Thread @1 caught unhandled exception at #0: 0xb7845278 in X.Main()+0x38 at
 /work/gondor/debugger/test/C.cs:19.
   19    }
 (mdb) p catch
 (TestException) { "TestException: Boston
   at X.Main () [0x00000] in /work/gondor/debugger/test/C.cs:18 " }
 (mdb) ptype catch
 class TestException : System.Exception
 {
    string Hello;
    .ctor (string);
 }
 (mdb) p catch.Hello
 (string) "Boston"

Displaying a method's source code

You can also view a method's source code by using the list command. The syntax is identical to break:

Process @3 stopped at #0: 0x401b749a in X.Main()+0x5a at Test.cs:32.
32 		Foo (a);
(mdb) list
30 		// You are stopped here.
31 		Foo (a);
32 		Foo (hello);
33 		Hello (a);
34 		x.Test (9);
35 	}
36 }
(mdb) list Hello
18 
19 	public static void Hello (int a)
20 	{
21 		Console.WriteLine ("Hello: {0}", a);
22 	}
23 
24 	public static void Main ()
25 	{
26 		int a = 5;
27 		string hello = "Boston";

This command takes an optional -lines argument to specify the number of source lines to display:

Process @3 stopped at #0: 0x401b749a in X.Main()+0x5a at Test.cs:32.
32 		Foo (a);
(mdb) list -lines 5
30 		// You are stopped here.
31 		Foo (a);
32 		Foo (hello);
33 		Hello (a);
34 		x.Test (9);

Disassembling

dis[assemble] [-count N] [-method]
<dd>Disassembles code at a given location

To disassembly the current instruction or the current method, use the dis command:

(mdb) Process @3 stopped at #0: 0x401b7443 in X.Main()+0x3 at Foo.cs:218.
218 		Simple ();
(mdb) dis
0x401b7443	call   X.Simple()
(mdb) dis -method
X.Main():
0x401b7440	push   %ebp
0x401b7441	mov    %esp,%ebp
0x401b7443	call   X.Simple()
0x401b7448	call   X.BoxedValueType()
0x401b744d	call   X.BoxedReferenceType()
0x401b7452	call   X.SimpleArray()
0x401b7457	call   X.MultiValueTypeArray()
0x401b745c	call   X.StringArray()
0x401b7461	call   X.MultiStringArray()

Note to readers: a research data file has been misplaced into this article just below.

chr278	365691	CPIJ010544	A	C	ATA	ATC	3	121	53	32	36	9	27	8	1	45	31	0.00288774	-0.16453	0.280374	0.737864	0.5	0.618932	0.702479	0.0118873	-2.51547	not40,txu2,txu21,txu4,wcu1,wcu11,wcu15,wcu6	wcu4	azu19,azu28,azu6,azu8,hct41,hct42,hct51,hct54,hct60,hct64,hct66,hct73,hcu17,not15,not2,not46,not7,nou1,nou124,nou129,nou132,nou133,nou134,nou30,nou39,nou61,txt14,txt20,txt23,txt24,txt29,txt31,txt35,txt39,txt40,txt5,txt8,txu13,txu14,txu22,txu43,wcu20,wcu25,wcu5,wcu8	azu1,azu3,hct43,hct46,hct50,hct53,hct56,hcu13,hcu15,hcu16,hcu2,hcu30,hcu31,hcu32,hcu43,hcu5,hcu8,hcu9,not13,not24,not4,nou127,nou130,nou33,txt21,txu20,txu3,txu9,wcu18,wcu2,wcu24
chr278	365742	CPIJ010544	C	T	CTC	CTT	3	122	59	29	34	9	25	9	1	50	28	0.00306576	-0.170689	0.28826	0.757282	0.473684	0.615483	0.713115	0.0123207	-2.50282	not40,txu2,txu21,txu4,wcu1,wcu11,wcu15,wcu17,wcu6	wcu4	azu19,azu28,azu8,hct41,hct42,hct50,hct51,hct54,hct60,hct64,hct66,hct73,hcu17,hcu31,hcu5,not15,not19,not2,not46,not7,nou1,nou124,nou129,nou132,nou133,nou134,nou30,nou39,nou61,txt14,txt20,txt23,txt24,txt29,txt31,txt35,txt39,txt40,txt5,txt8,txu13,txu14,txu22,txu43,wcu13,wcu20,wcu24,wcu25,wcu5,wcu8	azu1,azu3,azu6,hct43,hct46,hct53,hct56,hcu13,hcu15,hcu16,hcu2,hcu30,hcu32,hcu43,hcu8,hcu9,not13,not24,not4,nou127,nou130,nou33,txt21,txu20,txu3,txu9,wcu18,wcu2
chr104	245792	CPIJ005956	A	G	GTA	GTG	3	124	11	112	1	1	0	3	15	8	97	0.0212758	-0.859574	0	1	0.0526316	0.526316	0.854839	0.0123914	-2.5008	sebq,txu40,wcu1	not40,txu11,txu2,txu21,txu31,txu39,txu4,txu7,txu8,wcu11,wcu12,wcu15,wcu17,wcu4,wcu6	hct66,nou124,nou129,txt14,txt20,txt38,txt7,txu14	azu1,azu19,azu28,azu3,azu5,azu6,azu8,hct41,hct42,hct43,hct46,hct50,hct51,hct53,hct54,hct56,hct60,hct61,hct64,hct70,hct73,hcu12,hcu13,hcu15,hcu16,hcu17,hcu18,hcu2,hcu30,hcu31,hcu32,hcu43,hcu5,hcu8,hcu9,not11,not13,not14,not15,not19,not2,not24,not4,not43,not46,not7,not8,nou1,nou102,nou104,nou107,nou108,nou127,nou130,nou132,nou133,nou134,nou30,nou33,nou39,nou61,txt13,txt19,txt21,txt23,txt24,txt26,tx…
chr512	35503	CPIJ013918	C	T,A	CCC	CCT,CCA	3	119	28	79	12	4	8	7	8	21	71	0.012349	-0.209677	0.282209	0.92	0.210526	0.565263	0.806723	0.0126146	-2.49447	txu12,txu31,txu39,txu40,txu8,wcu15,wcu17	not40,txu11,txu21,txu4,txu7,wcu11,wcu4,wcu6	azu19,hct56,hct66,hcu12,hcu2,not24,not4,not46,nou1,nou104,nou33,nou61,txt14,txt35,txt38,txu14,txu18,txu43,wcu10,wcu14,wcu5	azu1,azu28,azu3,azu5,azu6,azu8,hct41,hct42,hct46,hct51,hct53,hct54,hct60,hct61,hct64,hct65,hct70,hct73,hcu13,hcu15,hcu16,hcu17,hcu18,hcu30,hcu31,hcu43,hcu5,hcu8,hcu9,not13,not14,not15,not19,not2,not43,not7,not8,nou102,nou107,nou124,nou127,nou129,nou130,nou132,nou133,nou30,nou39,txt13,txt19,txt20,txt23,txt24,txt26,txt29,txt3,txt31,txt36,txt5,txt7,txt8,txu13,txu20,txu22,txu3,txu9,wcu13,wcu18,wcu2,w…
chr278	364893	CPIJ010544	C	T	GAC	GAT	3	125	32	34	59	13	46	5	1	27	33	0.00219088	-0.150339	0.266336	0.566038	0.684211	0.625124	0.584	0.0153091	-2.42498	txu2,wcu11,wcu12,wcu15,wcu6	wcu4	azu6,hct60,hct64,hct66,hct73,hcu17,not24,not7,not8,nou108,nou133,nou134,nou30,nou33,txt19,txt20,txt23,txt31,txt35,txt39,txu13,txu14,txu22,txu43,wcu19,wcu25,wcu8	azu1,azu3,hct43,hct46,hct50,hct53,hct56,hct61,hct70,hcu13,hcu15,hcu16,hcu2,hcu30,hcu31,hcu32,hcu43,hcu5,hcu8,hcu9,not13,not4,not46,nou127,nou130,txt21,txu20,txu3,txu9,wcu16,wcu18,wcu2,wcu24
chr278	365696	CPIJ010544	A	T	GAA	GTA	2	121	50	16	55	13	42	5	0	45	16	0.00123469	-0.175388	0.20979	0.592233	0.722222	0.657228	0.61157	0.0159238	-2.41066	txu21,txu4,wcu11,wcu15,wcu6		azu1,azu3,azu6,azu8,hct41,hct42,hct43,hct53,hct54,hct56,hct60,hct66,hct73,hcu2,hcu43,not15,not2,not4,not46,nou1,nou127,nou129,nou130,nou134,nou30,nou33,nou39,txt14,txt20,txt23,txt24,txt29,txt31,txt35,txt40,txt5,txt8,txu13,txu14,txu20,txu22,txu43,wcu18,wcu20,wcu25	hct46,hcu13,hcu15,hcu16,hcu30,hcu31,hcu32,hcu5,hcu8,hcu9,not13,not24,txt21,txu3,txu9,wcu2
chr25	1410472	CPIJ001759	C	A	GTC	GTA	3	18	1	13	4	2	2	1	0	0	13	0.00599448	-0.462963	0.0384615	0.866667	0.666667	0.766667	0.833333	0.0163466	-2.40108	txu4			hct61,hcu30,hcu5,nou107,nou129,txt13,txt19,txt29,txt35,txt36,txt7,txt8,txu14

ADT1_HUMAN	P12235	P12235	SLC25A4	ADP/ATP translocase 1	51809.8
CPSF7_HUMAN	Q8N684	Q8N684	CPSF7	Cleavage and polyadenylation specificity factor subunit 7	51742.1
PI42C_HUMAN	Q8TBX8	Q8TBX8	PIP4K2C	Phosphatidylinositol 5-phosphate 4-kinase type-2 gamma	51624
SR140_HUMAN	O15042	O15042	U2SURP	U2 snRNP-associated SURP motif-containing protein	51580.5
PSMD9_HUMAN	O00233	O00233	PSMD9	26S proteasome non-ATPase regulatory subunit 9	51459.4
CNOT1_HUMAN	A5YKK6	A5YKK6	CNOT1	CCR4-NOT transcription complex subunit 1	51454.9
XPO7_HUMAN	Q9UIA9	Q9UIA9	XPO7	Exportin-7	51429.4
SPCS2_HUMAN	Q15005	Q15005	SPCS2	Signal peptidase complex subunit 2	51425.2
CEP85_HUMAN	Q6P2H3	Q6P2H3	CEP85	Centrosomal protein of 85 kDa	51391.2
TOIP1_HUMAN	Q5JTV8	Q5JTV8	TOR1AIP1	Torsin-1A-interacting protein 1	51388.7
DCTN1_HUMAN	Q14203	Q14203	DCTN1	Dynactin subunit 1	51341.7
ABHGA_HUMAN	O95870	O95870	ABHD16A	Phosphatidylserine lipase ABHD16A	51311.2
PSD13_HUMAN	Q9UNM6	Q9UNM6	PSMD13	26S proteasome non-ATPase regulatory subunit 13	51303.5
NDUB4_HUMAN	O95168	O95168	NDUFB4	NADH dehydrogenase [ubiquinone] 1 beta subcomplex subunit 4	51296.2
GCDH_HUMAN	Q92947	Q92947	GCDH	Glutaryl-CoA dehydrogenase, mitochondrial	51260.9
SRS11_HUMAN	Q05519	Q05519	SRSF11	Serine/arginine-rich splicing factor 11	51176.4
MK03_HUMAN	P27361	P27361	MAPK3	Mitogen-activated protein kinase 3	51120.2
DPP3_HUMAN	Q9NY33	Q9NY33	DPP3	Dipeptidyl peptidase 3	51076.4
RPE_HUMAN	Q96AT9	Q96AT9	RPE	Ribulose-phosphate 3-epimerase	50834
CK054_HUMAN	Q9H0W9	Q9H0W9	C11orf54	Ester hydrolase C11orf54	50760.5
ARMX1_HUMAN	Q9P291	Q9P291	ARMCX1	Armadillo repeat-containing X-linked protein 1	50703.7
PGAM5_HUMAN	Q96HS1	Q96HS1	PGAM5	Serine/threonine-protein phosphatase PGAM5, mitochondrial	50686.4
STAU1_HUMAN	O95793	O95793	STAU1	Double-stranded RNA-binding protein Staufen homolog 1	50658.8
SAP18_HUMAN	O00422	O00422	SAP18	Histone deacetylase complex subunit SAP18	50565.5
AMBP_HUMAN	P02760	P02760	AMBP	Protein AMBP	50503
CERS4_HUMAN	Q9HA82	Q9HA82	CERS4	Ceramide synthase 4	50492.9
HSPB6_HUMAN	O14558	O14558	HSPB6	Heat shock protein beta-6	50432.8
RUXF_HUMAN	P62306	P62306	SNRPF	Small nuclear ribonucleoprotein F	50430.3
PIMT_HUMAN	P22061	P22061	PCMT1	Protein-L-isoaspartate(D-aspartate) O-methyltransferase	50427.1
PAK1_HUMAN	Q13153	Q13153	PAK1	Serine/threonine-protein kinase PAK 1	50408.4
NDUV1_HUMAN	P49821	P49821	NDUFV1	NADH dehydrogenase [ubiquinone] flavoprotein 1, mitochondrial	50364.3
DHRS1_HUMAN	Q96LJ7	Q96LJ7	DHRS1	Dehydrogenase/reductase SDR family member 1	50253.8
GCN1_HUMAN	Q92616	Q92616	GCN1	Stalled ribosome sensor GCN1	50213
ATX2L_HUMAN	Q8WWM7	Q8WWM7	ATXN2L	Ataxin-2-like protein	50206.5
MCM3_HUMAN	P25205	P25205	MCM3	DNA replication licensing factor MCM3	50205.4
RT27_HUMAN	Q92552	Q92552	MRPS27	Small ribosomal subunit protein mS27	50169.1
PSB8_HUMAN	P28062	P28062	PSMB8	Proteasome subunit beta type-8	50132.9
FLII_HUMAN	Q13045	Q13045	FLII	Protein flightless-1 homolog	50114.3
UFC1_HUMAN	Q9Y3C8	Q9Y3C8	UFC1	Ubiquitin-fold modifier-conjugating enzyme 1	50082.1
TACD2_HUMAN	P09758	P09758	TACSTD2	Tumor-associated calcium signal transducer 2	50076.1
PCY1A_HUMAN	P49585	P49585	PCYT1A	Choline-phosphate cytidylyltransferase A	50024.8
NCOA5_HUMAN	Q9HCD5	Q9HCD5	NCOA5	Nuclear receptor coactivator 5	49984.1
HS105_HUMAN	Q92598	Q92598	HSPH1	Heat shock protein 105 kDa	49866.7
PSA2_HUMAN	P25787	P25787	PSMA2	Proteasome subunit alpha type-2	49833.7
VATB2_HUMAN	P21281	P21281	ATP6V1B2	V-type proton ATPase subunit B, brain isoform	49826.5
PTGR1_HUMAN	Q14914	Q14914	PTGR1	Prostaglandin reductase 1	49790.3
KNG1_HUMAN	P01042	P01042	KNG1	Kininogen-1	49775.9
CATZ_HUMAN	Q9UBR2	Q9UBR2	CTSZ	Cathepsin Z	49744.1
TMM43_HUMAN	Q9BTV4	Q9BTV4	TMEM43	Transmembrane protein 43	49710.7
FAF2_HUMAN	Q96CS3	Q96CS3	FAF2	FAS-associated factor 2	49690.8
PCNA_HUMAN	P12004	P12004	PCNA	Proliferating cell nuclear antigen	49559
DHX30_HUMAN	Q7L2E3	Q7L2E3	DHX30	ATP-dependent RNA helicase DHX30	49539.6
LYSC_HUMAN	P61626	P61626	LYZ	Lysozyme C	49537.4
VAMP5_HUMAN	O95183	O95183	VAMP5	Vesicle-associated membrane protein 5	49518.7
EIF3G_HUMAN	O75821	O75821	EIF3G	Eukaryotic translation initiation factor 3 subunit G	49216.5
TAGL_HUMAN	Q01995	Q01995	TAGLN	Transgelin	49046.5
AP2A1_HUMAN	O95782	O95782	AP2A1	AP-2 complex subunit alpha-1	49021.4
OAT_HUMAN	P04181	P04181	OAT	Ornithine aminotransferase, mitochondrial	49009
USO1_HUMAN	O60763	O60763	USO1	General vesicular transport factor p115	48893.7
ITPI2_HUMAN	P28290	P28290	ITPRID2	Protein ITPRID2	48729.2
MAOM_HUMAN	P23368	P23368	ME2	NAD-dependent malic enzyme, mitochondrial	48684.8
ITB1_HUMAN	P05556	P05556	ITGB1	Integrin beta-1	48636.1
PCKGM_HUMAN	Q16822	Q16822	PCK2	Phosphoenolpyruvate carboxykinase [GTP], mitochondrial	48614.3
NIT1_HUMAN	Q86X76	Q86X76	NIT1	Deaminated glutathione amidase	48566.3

0x401b7466	call   X.StructType()
0x401b746b	call   X.ClassType()
0x401b7470	call   X.InheritedClassType()
0x401b7475	call   X.ComplexStructType()
0x401b747a	call   X.FunctionStructType()
0x401b747f	leave  
0x401b7480	ret    

Like the examine command, dis takes an optional pointer expression as argument (see #Pointer expressions for details):

(mdb) dis %rip
0x400179d6      mov    %r15,%rdi
(mdb) dis 0x400179d6
0x400179d6      mov    %r15,%rdi
(mdb)

Exploring the Program State

show locals
<dd>Shows the local variables active in the current scope

(mdb) show locals
ok = (System.Boolean) false
(mdb)

show params
<dd>Shows the parameter to the current method

(mdb) show params
args = (System.String[]) [  ]
(mdb)

show location variable
<dd>Displays where the given local variable is stored

(mdb) show location ok
ok is a variable of type System.Boolean stored at %ebx

show registers, show regs
<dd>Shows the contents of the CPU registers

(mdb) show registers
EAX=412c6308  EBX=00000000  ECX=00000000  EDX=080523b8  ESI=00021f00    EDI=0002ad50
EBP=412c6240  ESP=412c6220  EIP=40ebd7ed  EFLAGS=PF ZF IF ID
(mdb)

The flags are decoded in EFLAGS

show modules
<dd>Shows all the loaded modules in the current program

(mdb) show modules
  Id step?  sym? Name
   0    y     n  /lib/libdl.so.2
   1    y     n  /lib/tls/librt.so.1
   2    y     y  mscorlib, Version=1.0.5000.0, Culture=neutral, PublicKeyToken=b77a5c561934e089
   3    y     n  /opt/gnome/lib/libglib-2.0.so.0
   4    y     y  /mono/lib/libmono.so.0
   5    y     n  /lib/tls/libpthread.so.0
   6    y     n  /opt/gnome/lib/libgmodule-2.0.so.0
   7    y     n  /lib/libnsl.so.1
   8    y     n  /opt/gnome/lib/libgthread-2.0.so.0
   9    y     y  System, Version=1.0.5000.0, Culture=neutral, PublicKeyToken=b77a5c561934e089
  10    y     n  /lib/tls/libc.so.6
  11    y     y  /mono/lib/mono/1.0/mono-debugger-mini-wrapper
  12    y     n  /lib/ld-linux.so.2
  13    y     n  /lib/tls/libm.so.6
  14    y     y  mcs, Version=1.1.11.0, Culture=neutral, PublicKeyToken=0907d8af90186095
(mdb)

show sources module_id
<dd>Shows the sources for a given module.

You can use this to get a list of the source files for a given module, for instance, with the above example, you could use:

(mdb) show sources 14
Sources for module mcs, Version=1.1.11.0, Culture=neutral,  PublicKeyToken=0907d8af90186095:
 142  /home/cvs/mcs/mcs/cs-parser.cs
 143  /home/cvs/mcs/mcs/AssemblyInfo.cs
 144  /home/cvs/mcs/mcs/anonymous.cs
 145  /home/cvs/mcs/mcs/assign.cs
 146  /home/cvs/mcs/mcs/attribute.cs
 147  /home/cvs/mcs/mcs/driver.cs
 148  /home/cvs/mcs/mcs/cs-tokenizer.cs
 149  /home/cvs/mcs/mcs/cfold.cs
 150  /home/cvs/mcs/mcs/class.cs
 ...
(mdb)

Examining Memory

examine, x [/[items][format][size]] expression
<dd>Memory dump

The examine (short: x) command takes a pointer expression as argument (see #Pointer expressions for details). You can for instance use a processor register, an absolute address or the address of a variable:

(mdb) p %ebp
0x40bbe880
(mdb) x %ebp
0x40bbe880   88
(mdb) x /16 %ebp
0x40bbe880   88 e8 bb 40 48 74 1b 40 - b0 e8 bb 40 a3 74 1b 40
(mdb) p %eip
0x401b7619
(mdb) x /16 0x401b7619
0x401b7619   56 e8 b9 5c 16 c8 83 c4 - 04 ff 75 ec ff 75 e8 e8
(mdb) x /16 &f
0x40bbe864   6e db 36 3f 07 00 00 00 - 00 00 00 00 48 74 1b 40